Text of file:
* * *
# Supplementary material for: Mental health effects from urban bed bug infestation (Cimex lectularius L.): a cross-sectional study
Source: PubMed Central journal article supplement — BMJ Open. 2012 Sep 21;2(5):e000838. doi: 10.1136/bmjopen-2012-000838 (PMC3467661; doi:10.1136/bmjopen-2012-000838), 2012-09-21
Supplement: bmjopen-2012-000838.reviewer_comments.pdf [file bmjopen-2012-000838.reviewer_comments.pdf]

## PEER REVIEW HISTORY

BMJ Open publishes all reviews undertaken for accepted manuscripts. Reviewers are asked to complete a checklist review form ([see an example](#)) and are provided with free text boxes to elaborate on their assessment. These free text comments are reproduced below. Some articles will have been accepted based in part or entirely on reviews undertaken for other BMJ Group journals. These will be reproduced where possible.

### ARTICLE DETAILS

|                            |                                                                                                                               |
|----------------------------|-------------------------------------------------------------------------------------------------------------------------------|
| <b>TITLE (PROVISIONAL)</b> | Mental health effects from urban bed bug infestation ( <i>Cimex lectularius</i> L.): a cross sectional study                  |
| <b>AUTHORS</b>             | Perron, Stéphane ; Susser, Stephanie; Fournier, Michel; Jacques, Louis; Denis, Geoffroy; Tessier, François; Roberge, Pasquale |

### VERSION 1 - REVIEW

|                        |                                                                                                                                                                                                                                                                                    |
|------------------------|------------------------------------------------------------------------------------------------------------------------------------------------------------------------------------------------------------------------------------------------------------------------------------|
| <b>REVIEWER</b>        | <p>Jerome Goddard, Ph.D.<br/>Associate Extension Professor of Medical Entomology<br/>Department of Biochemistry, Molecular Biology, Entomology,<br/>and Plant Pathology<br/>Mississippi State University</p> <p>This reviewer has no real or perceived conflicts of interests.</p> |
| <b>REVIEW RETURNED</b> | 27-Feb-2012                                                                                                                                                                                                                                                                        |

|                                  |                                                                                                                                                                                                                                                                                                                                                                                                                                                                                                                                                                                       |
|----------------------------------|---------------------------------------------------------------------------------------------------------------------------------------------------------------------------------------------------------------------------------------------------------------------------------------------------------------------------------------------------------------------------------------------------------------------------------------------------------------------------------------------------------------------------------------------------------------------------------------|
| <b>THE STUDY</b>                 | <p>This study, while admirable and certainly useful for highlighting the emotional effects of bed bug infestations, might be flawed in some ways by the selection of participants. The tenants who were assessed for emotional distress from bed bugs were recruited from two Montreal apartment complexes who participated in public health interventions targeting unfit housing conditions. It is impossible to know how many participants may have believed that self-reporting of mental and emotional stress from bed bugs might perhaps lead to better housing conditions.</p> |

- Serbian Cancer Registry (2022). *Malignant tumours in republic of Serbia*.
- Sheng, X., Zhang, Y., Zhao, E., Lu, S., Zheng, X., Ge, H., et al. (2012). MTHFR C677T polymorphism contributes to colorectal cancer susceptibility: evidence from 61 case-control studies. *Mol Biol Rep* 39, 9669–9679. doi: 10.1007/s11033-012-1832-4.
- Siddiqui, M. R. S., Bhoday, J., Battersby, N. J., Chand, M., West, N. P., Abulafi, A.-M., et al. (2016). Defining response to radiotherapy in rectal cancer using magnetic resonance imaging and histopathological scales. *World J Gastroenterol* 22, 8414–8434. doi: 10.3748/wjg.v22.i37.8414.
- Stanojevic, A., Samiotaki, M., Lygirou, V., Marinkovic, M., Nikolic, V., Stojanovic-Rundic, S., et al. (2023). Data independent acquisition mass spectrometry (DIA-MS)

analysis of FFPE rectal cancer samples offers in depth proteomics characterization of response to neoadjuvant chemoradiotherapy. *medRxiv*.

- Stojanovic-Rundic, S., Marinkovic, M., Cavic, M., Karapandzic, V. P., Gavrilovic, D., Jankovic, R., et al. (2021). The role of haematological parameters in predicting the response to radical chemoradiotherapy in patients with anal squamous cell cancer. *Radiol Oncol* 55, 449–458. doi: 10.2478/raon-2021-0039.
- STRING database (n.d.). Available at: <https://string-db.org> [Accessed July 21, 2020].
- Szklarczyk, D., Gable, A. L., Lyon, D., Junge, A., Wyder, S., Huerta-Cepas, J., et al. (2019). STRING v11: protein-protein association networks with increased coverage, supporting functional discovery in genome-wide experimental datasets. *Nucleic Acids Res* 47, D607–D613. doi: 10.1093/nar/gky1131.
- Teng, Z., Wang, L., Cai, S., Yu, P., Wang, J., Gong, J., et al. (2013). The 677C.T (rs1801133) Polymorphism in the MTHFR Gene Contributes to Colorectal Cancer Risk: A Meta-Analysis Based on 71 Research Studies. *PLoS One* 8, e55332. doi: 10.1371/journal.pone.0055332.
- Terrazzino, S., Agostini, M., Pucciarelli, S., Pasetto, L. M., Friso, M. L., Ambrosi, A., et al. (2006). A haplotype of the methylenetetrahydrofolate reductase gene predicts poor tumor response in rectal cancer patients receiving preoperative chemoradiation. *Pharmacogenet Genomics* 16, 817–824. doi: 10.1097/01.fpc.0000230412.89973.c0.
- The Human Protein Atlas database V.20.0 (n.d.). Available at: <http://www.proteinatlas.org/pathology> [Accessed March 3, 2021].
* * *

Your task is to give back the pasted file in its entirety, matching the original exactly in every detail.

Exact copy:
# Supplementary material for: Mental health effects from urban bed bug infestation (Cimex lectularius L.): a cross-sectional study
Source: PubMed Central journal article supplement — BMJ Open. 2012 Sep 21;2(5):e000838. doi: 10.1136/bmjopen-2012-000838 (PMC3467661; doi:10.1136/bmjopen-2012-000838), 2012-09-21
Supplement: bmjopen-2012-000838.reviewer_comments.pdf [file bmjopen-2012-000838.reviewer_comments.pdf]

## PEER REVIEW HISTORY

BMJ Open publishes all reviews undertaken for accepted manuscripts. Reviewers are asked to complete a checklist review form ([see an example](#)) and are provided with free text boxes to elaborate on their assessment. These free text comments are reproduced below. Some articles will have been accepted based in part or entirely on reviews undertaken for other BMJ Group journals. These will be reproduced where possible.

### ARTICLE DETAILS

|                            |                                                                                                                               |
|----------------------------|-------------------------------------------------------------------------------------------------------------------------------|
| <b>TITLE (PROVISIONAL)</b> | Mental health effects from urban bed bug infestation ( <i>Cimex lectularius</i> L.): a cross sectional study                  |
| <b>AUTHORS</b>             | Perron, Stéphane ; Susser, Stephanie; Fournier, Michel; Jacques, Louis; Denis, Geoffroy; Tessier, François; Roberge, Pasquale |

### VERSION 1 - REVIEW

|                        |                                                                                                                                                                                                                                                                                    |
|------------------------|------------------------------------------------------------------------------------------------------------------------------------------------------------------------------------------------------------------------------------------------------------------------------------|
| <b>REVIEWER</b>        | <p>Jerome Goddard, Ph.D.<br/>Associate Extension Professor of Medical Entomology<br/>Department of Biochemistry, Molecular Biology, Entomology,<br/>and Plant Pathology<br/>Mississippi State University</p> <p>This reviewer has no real or perceived conflicts of interests.</p> |
| <b>REVIEW RETURNED</b> | 27-Feb-2012                                                                                                                                                                                                                                                                        |

|                                  |                                                                                                                                                                                                                                                                                                                                                                                                                                                                                                                                                                                       |
|----------------------------------|---------------------------------------------------------------------------------------------------------------------------------------------------------------------------------------------------------------------------------------------------------------------------------------------------------------------------------------------------------------------------------------------------------------------------------------------------------------------------------------------------------------------------------------------------------------------------------------|
| <b>THE STUDY</b>                 | <p>This study, while admirable and certainly useful for highlighting the emotional effects of bed bug infestations, might be flawed in some ways by the selection of participants. The tenants who were assessed for emotional distress from bed bugs were recruited from two Montreal apartment complexes who participated in public health interventions targeting unfit housing conditions. It is impossible to know how many participants may have believed that self-reporting of mental and emotional stress from bed bugs might perhaps lead to better housing conditions.</p> |

- Serbian Cancer Registry (2022). *Malignant tumours in republic of Serbia*.
- Sheng, X., Zhang, Y., Zhao, E., Lu, S., Zheng, X., Ge, H., et al. (2012). MTHFR C677T polymorphism contributes to colorectal cancer susceptibility: evidence from 61 case-control studies. *Mol Biol Rep* 39, 9669–9679. doi: 10.1007/s11033-012-1832-4.
- Siddiqui, M. R. S., Bhoday, J., Battersby, N. J., Chand, M., West, N. P., Abulafi, A.-M., et al. (2016). Defining response to radiotherapy in rectal cancer using magnetic resonance imaging and histopathological scales. *World J Gastroenterol* 22, 8414–8434. doi: 10.3748/wjg.v22.i37.8414.
- Stanojevic, A., Samiotaki, M., Lygirou, V., Marinkovic, M., Nikolic, V., Stojanovic-Rundic, S., et al. (2023). Data independent acquisition mass spectrometry (DIA-MS)

analysis of FFPE rectal cancer samples offers in depth proteomics characterization of response to neoadjuvant chemoradiotherapy. *medRxiv*.

- Stojanovic-Rundic, S., Marinkovic, M., Cavic, M., Karapandzic, V. P., Gavrilovic, D., Jankovic, R., et al. (2021). The role of haematological parameters in predicting the response to radical chemoradiotherapy in patients with anal squamous cell cancer. *Radiol Oncol* 55, 449–458. doi: 10.2478/raon-2021-0039.
- STRING database (n.d.). Available at: <https://string-db.org> [Accessed July 21, 2020].
- Szklarczyk, D., Gable, A. L., Lyon, D., Junge, A., Wyder, S., Huerta-Cepas, J., et al. (2019). STRING v11: protein-protein association networks with increased coverage, supporting functional discovery in genome-wide experimental datasets. *Nucleic Acids Res* 47, D607–D613. doi: 10.1093/nar/gky1131.
- Teng, Z., Wang, L., Cai, S., Yu, P., Wang, J., Gong, J., et al. (2013). The 677C.T (rs1801133) Polymorphism in the MTHFR Gene Contributes to Colorectal Cancer Risk: A Meta-Analysis Based on 71 Research Studies. *PLoS One* 8, e55332. doi: 10.1371/journal.pone.0055332.
- Terrazzino, S., Agostini, M., Pucciarelli, S., Pasetto, L. M., Friso, M. L., Ambrosi, A., et al. (2006). A haplotype of the methylenetetrahydrofolate reductase gene predicts poor tumor response in rectal cancer patients receiving preoperative chemoradiation. *Pharmacogenet Genomics* 16, 817–824. doi: 10.1097/01.fpc.0000230412.89973.c0.
- The Human Protein Atlas database V.20.0 (n.d.). Available at: <http://www.proteinatlas.org/pathology> [Accessed March 3, 2021].